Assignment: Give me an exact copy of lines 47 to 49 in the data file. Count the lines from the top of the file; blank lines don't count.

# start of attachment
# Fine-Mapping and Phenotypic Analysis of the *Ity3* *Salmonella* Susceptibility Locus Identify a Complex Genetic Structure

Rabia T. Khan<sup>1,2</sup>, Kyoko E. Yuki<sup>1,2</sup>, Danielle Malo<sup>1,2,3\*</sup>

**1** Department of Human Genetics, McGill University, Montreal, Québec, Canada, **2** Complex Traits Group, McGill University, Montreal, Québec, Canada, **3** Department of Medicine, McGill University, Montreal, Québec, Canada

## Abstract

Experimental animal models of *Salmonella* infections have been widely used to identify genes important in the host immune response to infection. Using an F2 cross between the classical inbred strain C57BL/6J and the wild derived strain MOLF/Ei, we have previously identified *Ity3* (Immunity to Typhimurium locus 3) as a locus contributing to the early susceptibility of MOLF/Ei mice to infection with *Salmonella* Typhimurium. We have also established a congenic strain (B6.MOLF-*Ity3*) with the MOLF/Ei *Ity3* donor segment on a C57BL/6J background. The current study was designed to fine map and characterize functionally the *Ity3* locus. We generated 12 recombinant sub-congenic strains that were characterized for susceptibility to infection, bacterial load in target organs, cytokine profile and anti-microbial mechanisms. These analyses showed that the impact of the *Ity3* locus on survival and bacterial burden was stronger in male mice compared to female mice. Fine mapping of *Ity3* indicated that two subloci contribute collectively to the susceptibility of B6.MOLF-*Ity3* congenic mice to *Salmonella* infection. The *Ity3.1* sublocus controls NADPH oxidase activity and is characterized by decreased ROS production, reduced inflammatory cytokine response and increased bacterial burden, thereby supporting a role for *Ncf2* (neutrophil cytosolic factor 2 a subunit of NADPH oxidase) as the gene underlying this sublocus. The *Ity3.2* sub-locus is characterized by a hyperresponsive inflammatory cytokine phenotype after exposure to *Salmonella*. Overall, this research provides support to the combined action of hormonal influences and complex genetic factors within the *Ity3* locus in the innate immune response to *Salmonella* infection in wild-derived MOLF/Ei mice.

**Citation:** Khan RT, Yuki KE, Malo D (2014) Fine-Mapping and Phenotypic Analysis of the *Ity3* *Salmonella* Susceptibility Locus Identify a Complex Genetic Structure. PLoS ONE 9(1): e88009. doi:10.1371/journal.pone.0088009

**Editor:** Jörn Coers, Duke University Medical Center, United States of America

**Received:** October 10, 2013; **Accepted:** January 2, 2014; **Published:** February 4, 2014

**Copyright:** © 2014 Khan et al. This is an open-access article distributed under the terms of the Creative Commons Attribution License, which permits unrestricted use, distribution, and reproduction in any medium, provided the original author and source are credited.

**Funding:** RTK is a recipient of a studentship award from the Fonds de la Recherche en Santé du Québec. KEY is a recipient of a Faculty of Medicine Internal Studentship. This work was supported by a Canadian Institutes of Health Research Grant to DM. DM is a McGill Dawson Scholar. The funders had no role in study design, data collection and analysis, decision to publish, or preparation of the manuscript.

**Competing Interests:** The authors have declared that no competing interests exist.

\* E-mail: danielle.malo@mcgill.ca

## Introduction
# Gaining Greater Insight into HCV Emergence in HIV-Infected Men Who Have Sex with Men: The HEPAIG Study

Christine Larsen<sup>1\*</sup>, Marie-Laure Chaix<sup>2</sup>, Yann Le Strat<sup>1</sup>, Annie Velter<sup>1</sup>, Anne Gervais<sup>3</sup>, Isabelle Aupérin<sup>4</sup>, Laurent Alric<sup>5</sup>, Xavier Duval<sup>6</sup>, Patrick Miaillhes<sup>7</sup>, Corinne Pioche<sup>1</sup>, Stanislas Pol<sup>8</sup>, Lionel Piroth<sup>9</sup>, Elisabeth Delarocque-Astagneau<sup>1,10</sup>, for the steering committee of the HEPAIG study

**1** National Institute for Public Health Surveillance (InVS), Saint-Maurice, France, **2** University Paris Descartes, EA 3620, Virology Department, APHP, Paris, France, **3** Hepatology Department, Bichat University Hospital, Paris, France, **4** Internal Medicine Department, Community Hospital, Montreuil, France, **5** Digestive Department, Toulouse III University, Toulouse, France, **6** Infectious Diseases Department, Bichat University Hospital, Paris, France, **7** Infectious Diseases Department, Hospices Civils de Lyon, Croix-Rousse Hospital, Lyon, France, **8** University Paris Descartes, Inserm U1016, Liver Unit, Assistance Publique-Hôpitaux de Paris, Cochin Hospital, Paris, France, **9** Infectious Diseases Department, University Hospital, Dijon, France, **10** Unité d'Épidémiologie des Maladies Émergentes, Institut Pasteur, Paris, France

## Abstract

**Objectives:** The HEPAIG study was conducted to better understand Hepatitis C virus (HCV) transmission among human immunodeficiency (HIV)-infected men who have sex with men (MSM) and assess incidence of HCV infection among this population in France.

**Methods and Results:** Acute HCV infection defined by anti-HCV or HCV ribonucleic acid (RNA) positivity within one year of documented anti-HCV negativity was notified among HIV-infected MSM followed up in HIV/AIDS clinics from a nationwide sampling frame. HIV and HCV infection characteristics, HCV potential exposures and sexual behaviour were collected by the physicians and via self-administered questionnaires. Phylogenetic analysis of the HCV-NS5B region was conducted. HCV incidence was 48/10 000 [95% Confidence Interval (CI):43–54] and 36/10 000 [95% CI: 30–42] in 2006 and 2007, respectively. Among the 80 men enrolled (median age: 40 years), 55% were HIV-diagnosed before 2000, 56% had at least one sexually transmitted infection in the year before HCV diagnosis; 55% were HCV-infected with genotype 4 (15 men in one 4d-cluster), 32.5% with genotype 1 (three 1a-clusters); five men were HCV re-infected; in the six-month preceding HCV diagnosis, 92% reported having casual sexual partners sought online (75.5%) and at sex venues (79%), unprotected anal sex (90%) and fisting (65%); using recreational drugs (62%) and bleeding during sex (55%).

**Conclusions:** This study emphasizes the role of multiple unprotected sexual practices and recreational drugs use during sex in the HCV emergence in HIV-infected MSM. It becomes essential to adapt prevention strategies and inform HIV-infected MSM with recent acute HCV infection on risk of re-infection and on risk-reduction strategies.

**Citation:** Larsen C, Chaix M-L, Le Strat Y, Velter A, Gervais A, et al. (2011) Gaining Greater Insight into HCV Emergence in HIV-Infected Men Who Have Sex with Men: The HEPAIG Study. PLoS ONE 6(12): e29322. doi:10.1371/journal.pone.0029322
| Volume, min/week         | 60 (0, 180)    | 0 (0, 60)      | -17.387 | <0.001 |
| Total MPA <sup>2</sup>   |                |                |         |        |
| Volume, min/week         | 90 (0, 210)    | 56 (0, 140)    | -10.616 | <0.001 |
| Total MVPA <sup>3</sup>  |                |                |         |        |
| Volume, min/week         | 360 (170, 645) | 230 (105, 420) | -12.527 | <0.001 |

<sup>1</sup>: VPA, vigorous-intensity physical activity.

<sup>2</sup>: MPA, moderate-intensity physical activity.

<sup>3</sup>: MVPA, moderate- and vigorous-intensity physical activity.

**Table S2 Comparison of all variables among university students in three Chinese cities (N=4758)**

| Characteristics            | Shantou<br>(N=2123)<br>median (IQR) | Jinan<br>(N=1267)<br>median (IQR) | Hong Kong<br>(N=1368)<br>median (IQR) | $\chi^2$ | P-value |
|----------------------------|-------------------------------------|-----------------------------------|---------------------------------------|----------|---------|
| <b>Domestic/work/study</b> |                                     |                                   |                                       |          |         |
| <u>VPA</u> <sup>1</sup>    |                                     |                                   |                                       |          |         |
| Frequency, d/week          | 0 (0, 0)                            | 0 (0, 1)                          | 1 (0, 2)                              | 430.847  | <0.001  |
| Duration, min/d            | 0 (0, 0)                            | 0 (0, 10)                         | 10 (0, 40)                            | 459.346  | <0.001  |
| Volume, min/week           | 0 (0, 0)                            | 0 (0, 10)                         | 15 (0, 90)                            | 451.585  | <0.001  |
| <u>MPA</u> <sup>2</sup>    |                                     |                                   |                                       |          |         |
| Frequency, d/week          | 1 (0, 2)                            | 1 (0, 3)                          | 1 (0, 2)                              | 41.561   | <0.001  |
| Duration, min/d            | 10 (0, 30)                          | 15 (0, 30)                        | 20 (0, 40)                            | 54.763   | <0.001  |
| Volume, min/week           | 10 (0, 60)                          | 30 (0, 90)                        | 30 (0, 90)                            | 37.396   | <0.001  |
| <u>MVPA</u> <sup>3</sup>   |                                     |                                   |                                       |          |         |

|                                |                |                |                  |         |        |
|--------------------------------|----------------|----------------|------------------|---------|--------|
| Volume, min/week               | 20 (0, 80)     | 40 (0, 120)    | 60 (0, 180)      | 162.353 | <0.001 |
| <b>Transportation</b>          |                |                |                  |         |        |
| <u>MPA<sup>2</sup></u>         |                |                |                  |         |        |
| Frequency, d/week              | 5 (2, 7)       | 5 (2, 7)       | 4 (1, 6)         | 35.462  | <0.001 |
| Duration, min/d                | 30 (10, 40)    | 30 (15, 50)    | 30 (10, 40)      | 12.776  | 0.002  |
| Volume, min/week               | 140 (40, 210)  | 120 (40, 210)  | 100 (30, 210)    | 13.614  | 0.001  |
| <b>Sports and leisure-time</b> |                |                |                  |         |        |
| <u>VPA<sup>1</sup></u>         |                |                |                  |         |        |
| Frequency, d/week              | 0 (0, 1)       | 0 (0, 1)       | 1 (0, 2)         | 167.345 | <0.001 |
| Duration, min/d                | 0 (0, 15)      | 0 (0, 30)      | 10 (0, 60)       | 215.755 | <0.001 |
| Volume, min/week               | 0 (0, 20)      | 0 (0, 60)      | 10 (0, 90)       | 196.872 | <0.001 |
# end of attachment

| <u>MPA<sup>2</sup></u>         |                |                |                  |         |        |
| Frequency, d/week              | 5 (2, 7)       | 5 (2, 7)       | 4 (1, 6)         | 35.462  | <0.001 |
| Duration, min/d                | 30 (10, 40)    | 30 (15, 50)    | 30 (10, 40)      | 12.776  | 0.002  |